Can pets spread the Wuhan coronavirus?

Presently, there is no evidence that domesticated animals/pets such as dogs or cats can be infected with the novel coronavirus. However, it is imperative to practice extra precaution and good hygiene by washing your hands thoroughly with soap and water after contact with them. This protects you from common bacteria such as E.coli and Salmonella which can be transmitted between humans and pets.

Do vaccines against pneumonia protect you against the new coronavirus?

Vaccines against pneumonia do not provide protection against the new coronavirus.The coronavirus is very disparate and requires its own vaccine. However, researchers are ramping up efforts to develop an effective vaccine against the deadly virus.

Is it safe to travel to China?

On January 30, the World Health Organization (WHO) declared the escalating epidemic constitutes a Public Health Emergency of International Concern (PHEIC). As such, many countries are urging residents to avoid all non-essential travel to China. International travellers are also advised to practice usual precautions. 

Can consuming garlic aid in preventing infection with the new coronavirus?

Garlic is a healthy food that boasts antimicrobial properties (the ability to destroy or hinder the growth of microorganisms especially pathogenic microorganisms) but there is no evidence to corroborate that eating garlic has protected people from the Wuhan coronavirus.

Does the new coronavirus only affect older people?

People from all walks of life regardless of age can be infected by the new coronavirus. Older people, people with pre-existing medical conditions (such as asthma, diabetes, heart disease) and those with compromised immune systems appear to be more vulnerable to becoming critically ill with the virus.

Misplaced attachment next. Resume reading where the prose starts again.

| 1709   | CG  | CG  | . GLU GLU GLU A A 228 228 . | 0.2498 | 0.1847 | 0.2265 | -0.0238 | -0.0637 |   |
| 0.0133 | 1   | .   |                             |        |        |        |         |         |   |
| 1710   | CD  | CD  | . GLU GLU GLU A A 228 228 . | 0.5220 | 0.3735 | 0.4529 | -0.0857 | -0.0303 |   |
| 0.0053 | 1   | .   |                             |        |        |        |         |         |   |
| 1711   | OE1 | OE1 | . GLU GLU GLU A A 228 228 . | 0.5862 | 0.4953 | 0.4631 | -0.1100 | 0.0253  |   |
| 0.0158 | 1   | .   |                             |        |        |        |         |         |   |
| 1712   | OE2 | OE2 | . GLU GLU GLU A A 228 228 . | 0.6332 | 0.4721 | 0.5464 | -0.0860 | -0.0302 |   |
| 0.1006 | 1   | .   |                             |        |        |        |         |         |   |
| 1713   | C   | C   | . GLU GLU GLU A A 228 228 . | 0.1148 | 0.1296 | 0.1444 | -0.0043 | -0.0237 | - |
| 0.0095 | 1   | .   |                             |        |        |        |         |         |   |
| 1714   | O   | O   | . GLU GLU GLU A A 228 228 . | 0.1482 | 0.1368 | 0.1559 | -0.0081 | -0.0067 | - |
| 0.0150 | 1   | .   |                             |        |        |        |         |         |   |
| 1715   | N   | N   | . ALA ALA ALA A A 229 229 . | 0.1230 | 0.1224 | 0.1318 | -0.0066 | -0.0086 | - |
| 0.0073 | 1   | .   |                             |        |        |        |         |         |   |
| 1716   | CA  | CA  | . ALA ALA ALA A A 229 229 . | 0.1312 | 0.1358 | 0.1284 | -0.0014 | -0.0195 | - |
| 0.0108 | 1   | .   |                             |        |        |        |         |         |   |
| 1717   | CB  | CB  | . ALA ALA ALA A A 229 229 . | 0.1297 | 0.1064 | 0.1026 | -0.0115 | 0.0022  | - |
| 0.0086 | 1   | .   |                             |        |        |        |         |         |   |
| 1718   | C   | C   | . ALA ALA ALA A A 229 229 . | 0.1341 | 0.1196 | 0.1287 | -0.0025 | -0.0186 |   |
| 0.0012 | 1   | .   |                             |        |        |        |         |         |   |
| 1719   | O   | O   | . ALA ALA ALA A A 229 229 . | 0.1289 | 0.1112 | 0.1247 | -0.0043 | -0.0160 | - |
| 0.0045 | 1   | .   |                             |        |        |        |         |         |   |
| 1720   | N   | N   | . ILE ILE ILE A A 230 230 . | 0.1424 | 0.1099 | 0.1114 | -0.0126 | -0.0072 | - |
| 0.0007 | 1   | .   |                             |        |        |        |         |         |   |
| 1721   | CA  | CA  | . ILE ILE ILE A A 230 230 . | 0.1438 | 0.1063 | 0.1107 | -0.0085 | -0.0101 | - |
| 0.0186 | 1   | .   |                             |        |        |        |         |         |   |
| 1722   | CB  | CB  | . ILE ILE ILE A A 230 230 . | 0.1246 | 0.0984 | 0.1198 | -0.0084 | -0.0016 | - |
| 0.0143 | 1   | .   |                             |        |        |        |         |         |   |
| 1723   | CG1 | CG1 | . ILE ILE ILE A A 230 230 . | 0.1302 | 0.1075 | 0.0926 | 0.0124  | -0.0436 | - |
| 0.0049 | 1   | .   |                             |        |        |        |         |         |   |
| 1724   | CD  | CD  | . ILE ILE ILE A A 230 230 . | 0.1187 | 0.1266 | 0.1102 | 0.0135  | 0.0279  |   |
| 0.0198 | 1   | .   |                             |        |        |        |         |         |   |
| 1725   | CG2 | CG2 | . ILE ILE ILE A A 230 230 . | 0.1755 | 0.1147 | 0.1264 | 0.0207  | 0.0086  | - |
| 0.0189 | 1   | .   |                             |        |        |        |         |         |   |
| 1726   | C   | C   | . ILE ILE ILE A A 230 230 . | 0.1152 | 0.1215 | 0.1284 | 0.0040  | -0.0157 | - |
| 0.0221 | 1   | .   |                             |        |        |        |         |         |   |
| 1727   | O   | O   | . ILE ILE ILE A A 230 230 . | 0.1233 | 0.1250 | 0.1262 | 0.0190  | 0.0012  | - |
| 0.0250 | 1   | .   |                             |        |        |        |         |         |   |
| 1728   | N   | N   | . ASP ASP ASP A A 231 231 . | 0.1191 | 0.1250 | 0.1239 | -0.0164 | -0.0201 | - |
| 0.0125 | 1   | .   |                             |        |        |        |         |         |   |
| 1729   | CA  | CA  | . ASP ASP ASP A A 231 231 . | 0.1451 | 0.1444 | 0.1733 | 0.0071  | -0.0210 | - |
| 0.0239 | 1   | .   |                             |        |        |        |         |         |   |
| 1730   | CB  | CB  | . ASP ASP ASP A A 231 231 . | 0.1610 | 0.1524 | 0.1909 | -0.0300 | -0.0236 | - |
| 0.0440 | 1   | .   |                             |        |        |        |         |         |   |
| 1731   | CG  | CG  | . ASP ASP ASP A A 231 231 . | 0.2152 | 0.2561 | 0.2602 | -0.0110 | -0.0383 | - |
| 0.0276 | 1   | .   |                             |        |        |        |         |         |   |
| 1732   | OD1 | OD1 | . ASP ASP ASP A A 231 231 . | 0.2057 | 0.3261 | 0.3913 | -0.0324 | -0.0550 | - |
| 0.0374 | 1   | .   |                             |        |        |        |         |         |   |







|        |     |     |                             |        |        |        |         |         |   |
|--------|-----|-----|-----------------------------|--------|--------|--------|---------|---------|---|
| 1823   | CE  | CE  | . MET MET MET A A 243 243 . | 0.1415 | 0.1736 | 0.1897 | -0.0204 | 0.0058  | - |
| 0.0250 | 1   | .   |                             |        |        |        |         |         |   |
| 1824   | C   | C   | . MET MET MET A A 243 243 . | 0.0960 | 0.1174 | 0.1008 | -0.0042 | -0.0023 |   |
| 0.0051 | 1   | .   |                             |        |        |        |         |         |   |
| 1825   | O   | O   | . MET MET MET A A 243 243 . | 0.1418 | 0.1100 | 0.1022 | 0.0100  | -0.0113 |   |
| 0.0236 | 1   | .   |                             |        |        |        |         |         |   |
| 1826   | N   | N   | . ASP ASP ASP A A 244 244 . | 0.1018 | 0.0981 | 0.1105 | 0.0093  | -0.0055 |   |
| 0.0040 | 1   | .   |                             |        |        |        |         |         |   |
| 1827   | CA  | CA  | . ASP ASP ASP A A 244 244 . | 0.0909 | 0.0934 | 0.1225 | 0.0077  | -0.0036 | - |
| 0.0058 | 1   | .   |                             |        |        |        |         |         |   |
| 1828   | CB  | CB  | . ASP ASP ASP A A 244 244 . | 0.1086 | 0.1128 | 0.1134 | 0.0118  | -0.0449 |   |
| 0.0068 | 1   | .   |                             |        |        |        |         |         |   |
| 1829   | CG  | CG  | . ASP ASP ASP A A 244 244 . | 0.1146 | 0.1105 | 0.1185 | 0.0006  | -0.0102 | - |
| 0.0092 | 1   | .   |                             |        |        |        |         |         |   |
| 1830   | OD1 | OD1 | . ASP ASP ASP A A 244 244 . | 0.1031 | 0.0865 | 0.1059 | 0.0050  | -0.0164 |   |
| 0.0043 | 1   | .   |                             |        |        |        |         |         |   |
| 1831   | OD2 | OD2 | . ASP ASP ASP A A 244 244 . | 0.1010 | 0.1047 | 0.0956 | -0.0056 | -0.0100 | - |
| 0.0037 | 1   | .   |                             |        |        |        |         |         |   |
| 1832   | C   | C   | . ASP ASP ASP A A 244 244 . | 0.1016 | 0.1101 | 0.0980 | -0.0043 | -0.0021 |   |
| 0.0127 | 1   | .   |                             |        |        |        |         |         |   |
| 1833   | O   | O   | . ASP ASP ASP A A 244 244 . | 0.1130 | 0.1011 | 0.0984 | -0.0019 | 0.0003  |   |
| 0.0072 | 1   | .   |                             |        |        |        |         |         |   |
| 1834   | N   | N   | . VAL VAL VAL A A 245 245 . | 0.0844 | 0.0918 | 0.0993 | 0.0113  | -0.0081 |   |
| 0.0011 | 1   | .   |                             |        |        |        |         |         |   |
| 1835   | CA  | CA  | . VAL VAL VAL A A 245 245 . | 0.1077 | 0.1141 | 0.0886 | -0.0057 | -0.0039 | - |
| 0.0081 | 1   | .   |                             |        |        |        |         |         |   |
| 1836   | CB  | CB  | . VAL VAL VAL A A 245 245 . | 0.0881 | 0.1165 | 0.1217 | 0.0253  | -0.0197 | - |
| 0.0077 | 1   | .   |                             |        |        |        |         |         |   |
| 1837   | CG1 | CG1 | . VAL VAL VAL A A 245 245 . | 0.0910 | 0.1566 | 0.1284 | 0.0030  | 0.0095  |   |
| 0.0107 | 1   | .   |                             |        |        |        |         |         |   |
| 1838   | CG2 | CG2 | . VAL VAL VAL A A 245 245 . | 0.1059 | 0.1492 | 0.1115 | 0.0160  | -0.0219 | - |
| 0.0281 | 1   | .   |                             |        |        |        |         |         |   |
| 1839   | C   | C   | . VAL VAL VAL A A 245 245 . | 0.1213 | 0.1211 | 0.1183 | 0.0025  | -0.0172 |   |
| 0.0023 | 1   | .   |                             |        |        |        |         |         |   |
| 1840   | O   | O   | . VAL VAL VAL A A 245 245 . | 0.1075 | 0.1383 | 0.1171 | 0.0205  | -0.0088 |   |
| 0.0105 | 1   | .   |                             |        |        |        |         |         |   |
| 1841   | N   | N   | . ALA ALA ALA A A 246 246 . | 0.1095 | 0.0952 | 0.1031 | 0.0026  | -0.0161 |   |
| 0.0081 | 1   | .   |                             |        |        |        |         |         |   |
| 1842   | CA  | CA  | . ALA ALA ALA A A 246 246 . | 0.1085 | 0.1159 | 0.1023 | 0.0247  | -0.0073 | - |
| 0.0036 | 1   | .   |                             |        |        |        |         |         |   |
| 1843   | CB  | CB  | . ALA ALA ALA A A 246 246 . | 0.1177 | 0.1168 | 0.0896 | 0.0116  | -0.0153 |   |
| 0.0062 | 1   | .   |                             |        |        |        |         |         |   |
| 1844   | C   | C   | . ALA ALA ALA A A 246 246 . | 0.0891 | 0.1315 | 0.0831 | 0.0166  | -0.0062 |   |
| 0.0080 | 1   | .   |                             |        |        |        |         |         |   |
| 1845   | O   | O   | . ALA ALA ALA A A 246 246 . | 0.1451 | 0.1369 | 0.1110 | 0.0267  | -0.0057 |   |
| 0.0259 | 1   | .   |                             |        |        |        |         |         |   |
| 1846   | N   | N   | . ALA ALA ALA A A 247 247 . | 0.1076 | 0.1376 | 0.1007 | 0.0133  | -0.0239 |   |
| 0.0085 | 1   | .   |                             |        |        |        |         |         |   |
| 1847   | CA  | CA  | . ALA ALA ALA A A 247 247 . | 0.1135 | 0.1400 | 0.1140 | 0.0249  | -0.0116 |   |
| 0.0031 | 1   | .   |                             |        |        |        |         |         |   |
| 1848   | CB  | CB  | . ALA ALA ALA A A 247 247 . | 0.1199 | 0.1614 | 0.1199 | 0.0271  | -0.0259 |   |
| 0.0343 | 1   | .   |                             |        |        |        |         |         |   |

Are antibiotics effective in preventing and treating the new coronavirus?

Antibiotics work against bacterias, not viruses like the new coronavirus therefore it should not be administered as a means of treatment or prevention. However, you may have to begin a course of antibiotics should you be hospitalised for the novel coronavirus as bacterial coinfection is plausible. 

Can traditional Chinese medicines help fight the Wuhan coronavirus?

According to the World Health Organization (WHO), there is no specific medicine recommended to prevent or treat the novel coronavirus to date. They may be popular but are clinically unproven.

As the crisis continues to unfold, be mindful of fake news bandied about to resolutely amplify needless fear and confusion. Turn to official or trustworthy sources for accurate and up-to-date information. In the meantime, remember to stay safe!

Also read: Wuhan Virus Update: All Countries and Airlines Imposing Travel Bans and Suspending Flights to China

About Author

Ifah Sakinah
Ifah Sakinah

Sakinah has a discerning palate and an innate desire to satisfy her inner curiosity. While she hasn't been everywhere, it's definitely on her list.